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  • Writer's pictureBecks

Anxiety; and practical ways to manage it

Lets start with the basics - Don’t skip this part! Understanding anxiety is crucial and it helps to normalise and validate your experience.

So, what is anxiety?

Anxiety is one of your bodies threat responses.

Inside your brain you have something called an amygdala. It's a little almond shape structure in your limbic system (the emotional centre of your brain) that is responsible for scanning for danger, alerting you to potential threats and sending signals telling your body to prepare to keep you safe.

You may have heard of flight/fright/freeze/fawn?

When under threat you’ll likely respond in one of these four ways, either instinctively wanting to fight back against the threat, run away, freeze and shutdown, become still in the hopes the threat doesn't notice you or by trying to please and appease the threat.

With anxiety, quite often you’ll notice a feeling of wanting to escape a situation, avoid it entirely or run away. This is your flight response in action.

You may also notice a whole range of physical symptoms;

  • maybe your breathing quickens and shallows (this is to increase the level of oxygen in your body, ready to use if you start to flee or fight)

  • You may notice sweating, wobbly legs or tingling in your extremities

  • You may notice butterflies in your tummy (this is because your brain temporarily diverts energy and blood flow away from functions like digesting your food, into your limbs readying you to run or fight)

  • You might feel dizzy, lightheaded, nauseous, sweaty and hot. Your muscles may become tense.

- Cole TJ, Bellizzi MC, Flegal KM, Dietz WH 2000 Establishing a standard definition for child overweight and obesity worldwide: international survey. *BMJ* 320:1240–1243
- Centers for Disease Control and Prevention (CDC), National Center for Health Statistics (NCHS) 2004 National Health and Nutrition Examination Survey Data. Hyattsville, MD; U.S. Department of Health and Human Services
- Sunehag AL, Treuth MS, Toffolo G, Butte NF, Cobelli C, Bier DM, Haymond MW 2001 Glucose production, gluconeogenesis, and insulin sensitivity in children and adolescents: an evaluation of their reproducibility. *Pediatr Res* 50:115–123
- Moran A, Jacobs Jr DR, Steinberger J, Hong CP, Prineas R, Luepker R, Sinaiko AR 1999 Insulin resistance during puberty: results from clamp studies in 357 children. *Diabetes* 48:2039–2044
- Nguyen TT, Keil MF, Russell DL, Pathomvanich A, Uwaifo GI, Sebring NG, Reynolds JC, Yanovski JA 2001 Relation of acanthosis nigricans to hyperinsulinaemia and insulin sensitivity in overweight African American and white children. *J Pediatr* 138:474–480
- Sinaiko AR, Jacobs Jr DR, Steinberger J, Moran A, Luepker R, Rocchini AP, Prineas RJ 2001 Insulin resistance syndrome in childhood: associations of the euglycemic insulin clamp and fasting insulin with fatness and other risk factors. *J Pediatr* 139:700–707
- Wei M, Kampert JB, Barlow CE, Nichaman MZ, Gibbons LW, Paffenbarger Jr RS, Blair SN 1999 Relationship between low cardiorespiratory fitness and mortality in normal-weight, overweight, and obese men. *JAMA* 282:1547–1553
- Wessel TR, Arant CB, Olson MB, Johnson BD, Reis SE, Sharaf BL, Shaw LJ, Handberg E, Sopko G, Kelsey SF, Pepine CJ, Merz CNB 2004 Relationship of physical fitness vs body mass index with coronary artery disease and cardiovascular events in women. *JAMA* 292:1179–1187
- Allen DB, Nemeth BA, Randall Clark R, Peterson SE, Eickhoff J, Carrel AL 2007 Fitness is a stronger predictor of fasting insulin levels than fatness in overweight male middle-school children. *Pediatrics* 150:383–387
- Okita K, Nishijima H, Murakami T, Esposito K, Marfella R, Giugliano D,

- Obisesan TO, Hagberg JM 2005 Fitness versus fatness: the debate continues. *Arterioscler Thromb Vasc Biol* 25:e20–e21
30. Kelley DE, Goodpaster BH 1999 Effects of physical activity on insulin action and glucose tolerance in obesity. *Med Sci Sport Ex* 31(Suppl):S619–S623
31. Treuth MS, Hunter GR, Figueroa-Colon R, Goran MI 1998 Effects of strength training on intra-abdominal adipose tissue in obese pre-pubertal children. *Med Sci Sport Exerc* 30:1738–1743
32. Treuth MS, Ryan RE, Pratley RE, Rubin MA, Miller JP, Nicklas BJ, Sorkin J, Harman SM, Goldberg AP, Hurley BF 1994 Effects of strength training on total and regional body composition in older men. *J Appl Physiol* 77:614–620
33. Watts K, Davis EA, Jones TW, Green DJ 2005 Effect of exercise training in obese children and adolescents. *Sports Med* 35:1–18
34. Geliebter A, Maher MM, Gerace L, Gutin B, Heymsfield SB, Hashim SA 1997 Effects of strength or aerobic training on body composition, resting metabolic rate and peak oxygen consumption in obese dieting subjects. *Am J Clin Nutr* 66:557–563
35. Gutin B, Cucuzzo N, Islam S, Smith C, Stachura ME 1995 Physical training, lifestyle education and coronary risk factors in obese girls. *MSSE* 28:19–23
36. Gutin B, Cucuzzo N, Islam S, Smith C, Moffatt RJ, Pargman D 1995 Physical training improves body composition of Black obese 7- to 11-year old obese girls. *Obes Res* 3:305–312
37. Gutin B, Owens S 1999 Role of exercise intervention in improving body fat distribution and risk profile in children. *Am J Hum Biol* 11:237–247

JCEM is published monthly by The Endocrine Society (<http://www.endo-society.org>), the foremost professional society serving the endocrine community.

All of this is normal - it's your body getting ready to deal with a threat.

This threat response is evolutionary.

Our great great great ancestors were cavemen. They lived lives full of dangers and threats - rival tribes and sabre-tooth tigers were real and they had to be on the lookout at all times in order to survive.

And even today we do still need this evolutionary survival mechanism - It’s the thing that tells us to get out of the road when a car is heading towards us!

However, these days your amygdala functions a bit like a smoke alarm…

Sometimes it goes off when there is a real threat, like a fire. Other times it goes off when it only thinks it detects a threat; like when you burn the toast.

Our threat response goes off about 'burnt toast' situations all the time these days... Like when our boss calls us in to their office, when we get a blunt text from a friend, when we worry about our health, when an unexpected bill arrives, when we have to speak to an audience… and while these are not real-life threatening situations our brain responds like they are!

When you are anxious you are operating in a part of your autonomic nervous system called the sympathetic nervous system. This is your stress response - a place where your body gets ready for action. It’s like your bodies version of a gas pedal in a car.

What we want to be able to do in times of anxiety and stress is return our nervous system to a state of calm regulation. This is called your parasympathetic nervous system, or accessing your vagus nerve/ the ventral vagal part of your nervous system. It’s like the brake pedal in your car, slowing you down.